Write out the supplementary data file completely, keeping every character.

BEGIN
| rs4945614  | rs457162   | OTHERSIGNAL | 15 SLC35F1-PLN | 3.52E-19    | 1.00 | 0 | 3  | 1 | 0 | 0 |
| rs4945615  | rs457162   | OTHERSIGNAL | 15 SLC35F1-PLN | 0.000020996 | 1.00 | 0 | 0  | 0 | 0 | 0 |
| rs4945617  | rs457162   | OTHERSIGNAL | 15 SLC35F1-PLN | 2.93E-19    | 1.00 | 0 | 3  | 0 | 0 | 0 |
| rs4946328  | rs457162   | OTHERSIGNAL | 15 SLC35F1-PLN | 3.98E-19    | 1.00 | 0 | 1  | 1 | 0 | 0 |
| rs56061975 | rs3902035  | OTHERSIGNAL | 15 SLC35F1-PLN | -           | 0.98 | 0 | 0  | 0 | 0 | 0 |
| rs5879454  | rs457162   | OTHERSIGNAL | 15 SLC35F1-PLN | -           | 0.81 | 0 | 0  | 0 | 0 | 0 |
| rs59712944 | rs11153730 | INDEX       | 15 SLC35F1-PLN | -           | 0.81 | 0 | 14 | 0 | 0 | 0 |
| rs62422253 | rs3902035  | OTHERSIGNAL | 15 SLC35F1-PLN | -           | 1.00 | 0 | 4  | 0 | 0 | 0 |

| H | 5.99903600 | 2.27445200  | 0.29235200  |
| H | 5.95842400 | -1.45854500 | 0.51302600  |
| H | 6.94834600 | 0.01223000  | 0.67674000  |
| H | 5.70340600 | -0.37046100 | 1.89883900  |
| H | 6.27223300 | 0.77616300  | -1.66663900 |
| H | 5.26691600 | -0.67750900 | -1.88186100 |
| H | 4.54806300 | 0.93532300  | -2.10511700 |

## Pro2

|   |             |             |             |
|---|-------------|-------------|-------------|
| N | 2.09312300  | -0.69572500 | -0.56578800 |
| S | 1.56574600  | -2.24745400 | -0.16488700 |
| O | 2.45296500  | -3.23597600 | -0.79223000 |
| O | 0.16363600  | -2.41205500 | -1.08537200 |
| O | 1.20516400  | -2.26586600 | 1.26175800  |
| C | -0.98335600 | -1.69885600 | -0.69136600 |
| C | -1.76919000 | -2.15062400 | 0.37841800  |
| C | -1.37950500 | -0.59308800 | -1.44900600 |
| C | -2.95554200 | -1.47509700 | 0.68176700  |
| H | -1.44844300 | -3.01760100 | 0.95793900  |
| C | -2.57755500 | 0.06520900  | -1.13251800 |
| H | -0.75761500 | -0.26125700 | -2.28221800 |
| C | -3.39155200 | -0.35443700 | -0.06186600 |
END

| rs4945614  | rs457162   | OTHERSIGNAL | 15 SLC35F1-PLN | 3.52E-19    | 1.00 | 0 | 3  | 1 | 0 | 0 |
| rs4945615  | rs457162   | OTHERSIGNAL | 15 SLC35F1-PLN | 0.000020996 | 1.00 | 0 | 0  | 0 | 0 | 0 |
| rs4945617  | rs457162   | OTHERSIGNAL | 15 SLC35F1-PLN | 2.93E-19    | 1.00 | 0 | 3  | 0 | 0 | 0 |
| rs4946328  | rs457162   | OTHERSIGNAL | 15 SLC35F1-PLN | 3.98E-19    | 1.00 | 0 | 1  | 1 | 0 | 0 |
| rs56061975 | rs3902035  | OTHERSIGNAL | 15 SLC35F1-PLN | -           | 0.98 | 0 | 0  | 0 | 0 | 0 |
| rs5879454  | rs457162   | OTHERSIGNAL | 15 SLC35F1-PLN | -           | 0.81 | 0 | 0  | 0 | 0 | 0 |
| rs59712944 | rs11153730 | INDEX       | 15 SLC35F1-PLN | -           | 0.81 | 0 | 14 | 0 | 0 | 0 |
| rs62422253 | rs3902035  | OTHERSIGNAL | 15 SLC35F1-PLN | -           | 1.00 | 0 | 4  | 0 | 0 | 0 |

| H | 5.99903600 | 2.27445200  | 0.29235200  |
| H | 5.95842400 | -1.45854500 | 0.51302600  |
| H | 6.94834600 | 0.01223000  | 0.67674000  |
| H | 5.70340600 | -0.37046100 | 1.89883900  |
| H | 6.27223300 | 0.77616300  | -1.66663900 |
| H | 5.26691600 | -0.67750900 | -1.88186100 |
| H | 4.54806300 | 0.93532300  | -2.10511700 |

## Pro2

|   |             |             |             |
|---|-------------|-------------|-------------|
| N | 2.09312300  | -0.69572500 | -0.56578800 |
| S | 1.56574600  | -2.24745400 | -0.16488700 |
| O | 2.45296500  | -3.23597600 | -0.79223000 |
| O | 0.16363600  | -2.41205500 | -1.08537200 |
| O | 1.20516400  | -2.26586600 | 1.26175800  |
| C | -0.98335600 | -1.69885600 | -0.69136600 |
| C | -1.76919000 | -2.15062400 | 0.37841800  |
| C | -1.37950500 | -0.59308800 | -1.44900600 |
| C | -2.95554200 | -1.47509700 | 0.68176700  |
| H | -1.44844300 | -3.01760100 | 0.95793900  |
| C | -2.57755500 | 0.06520900  | -1.13251800 |
| H | -0.75761500 | -0.26125700 | -2.28221800 |
| C | -3.39155200 | -0.35443700 | -0.06186600 |